Today’s hotel guests arrive on property using smartphones for everything including more ways for hotels to offer greater convenience and a better guest experience, however, a weak or non-existent cellular signal within the building will result in the opposite.
Hoteliers are often more willing to invest IT dollars into upgrading their WiFi network — 54% of hotels with IT budgets of 4% or greater plan to upgrade or change WiFi suppliers in 2019, states Hospitality Technology’s 2019 Lodging Technology Study. Improving cellular signals often does not take as high of a priority, but it should.
“Cellular and WiFi signal is an inherent guest need,” says Ken Barnes, CIO, Omni Hotels. “Just like hot water, lighting and excellent customer service — cellular coverage and WiFi have become another utility that needs to both exist and work seamlessly for every guest during every stay.”
And poor cell signal can cost hotels in the long-run.
“According to Joe Madden, principal analyst at Mobile Experts, hotel owners lose approximately $4 per square foot due to poor guest connectivity. In fact, 30% of hotel guests will not return if LTE coverage is poor. Even a single ‘dead zone’ can mean a loss of thousands of dollars in hotel revenue,” explains Alan Ewing, executive director of the CBRS Alliance.
Right-size Cell Solutions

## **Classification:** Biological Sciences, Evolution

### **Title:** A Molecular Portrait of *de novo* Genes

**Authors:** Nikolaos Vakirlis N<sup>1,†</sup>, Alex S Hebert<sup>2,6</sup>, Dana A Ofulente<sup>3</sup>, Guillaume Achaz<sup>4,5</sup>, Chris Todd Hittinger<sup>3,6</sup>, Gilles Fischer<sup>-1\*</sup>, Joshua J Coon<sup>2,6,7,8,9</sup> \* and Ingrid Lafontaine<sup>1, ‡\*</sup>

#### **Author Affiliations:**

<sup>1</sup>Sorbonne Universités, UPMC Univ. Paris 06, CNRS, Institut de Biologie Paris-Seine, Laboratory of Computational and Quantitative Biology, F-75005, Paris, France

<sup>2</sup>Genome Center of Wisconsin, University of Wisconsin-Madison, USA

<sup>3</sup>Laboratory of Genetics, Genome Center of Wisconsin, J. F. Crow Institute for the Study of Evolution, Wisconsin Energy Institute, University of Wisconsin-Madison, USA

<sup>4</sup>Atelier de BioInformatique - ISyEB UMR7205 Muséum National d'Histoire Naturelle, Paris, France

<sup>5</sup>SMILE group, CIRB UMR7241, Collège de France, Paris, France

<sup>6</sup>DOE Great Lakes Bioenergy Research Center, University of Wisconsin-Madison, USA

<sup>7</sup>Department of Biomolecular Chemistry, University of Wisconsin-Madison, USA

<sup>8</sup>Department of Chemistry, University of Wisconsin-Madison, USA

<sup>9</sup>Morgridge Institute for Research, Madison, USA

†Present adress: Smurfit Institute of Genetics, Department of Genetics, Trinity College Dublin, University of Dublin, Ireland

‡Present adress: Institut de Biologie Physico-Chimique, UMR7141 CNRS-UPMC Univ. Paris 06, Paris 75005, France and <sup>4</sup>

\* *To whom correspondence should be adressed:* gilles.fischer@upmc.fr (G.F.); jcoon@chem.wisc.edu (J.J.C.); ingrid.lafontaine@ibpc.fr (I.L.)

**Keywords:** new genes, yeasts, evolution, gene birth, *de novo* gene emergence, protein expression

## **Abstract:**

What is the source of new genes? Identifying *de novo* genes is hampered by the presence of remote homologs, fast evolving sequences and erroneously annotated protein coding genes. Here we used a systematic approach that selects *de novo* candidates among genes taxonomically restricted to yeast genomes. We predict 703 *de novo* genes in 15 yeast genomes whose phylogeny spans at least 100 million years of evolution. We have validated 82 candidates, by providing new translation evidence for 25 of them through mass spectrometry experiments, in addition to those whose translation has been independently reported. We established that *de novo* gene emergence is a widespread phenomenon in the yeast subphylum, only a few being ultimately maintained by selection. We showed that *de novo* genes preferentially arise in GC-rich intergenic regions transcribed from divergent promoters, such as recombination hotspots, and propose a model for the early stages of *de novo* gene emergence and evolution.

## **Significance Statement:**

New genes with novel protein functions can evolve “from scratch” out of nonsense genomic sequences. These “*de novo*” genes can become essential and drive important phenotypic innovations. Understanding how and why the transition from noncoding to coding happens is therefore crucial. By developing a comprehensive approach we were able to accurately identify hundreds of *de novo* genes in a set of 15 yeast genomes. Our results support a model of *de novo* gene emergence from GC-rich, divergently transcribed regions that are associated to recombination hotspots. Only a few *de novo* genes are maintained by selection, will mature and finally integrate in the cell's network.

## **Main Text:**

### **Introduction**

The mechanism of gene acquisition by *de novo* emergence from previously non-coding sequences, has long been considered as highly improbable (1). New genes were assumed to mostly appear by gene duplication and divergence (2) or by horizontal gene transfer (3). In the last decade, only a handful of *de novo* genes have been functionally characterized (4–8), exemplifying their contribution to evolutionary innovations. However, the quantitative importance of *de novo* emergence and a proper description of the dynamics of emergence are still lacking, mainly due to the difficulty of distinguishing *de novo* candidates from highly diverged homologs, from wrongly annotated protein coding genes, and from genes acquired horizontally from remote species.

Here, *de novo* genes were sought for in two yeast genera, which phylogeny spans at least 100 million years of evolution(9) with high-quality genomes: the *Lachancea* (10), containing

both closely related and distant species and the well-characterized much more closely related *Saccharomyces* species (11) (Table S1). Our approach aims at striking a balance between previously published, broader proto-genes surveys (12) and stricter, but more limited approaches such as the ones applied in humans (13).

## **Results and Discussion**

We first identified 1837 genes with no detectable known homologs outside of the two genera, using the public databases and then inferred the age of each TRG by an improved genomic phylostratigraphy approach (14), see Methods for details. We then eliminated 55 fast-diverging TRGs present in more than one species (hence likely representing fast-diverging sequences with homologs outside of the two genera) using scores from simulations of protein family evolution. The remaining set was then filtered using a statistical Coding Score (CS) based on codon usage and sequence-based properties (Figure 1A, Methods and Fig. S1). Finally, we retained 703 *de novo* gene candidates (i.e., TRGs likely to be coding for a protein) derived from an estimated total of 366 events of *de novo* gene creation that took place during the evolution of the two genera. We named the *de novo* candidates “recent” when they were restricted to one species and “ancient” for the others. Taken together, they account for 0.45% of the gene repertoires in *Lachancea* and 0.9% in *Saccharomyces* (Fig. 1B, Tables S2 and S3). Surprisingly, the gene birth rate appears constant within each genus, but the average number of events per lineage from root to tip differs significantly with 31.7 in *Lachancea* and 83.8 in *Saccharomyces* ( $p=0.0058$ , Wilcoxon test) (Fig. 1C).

According to Zinwave, one of the most common reasons for poor signal is the impenetrability of building materials: concrete, steel and stone.
Additionally, the structural density of a hotel — the number of walls and their thickness — can contribute to bad cell reception as can the distance a hotel is from a cellular tower. Impediments between the hotel property and the tower such as other buildings, hills and trees can also be a problem, says SureCall.
Hotel basements are also infamous for their lack of cellular reception as are buildings that are environmentally friendly, says Nextivity. Low-emission glass is manufactured or coated with materials that reduce UV penetration. This treated glass also prevents cellular signal from entering the building.
To combat these issues, there are a variety of options. First, it’s important to identify the issue that plagues a property so hoteliers can choose a proper solution.
Technology providers agree that signal boosters are a good option for buildings up to 500,000 square feet and that have a usable cell signal outside but very weak cell signals inside the building. Unfortunately, they are not useful if there is no signal outside of the building or when the building size exceeds the boosting limit.
Signal boosters take signal from the outside towers, amplify the signal so it is stronger, and then redistribute it throughout the building using cabling and indoor antennas, Nextivity says. Site surveys need to be done to determine where there is poor signal from which carriers to so as to determine where the antennas need to be placed. The booster system planning needs to be designed around the walls and floorplan of the buildings, down hallways and into basements. Depending on how many wireless carriers need boosting, this solution can become equipment-intensive.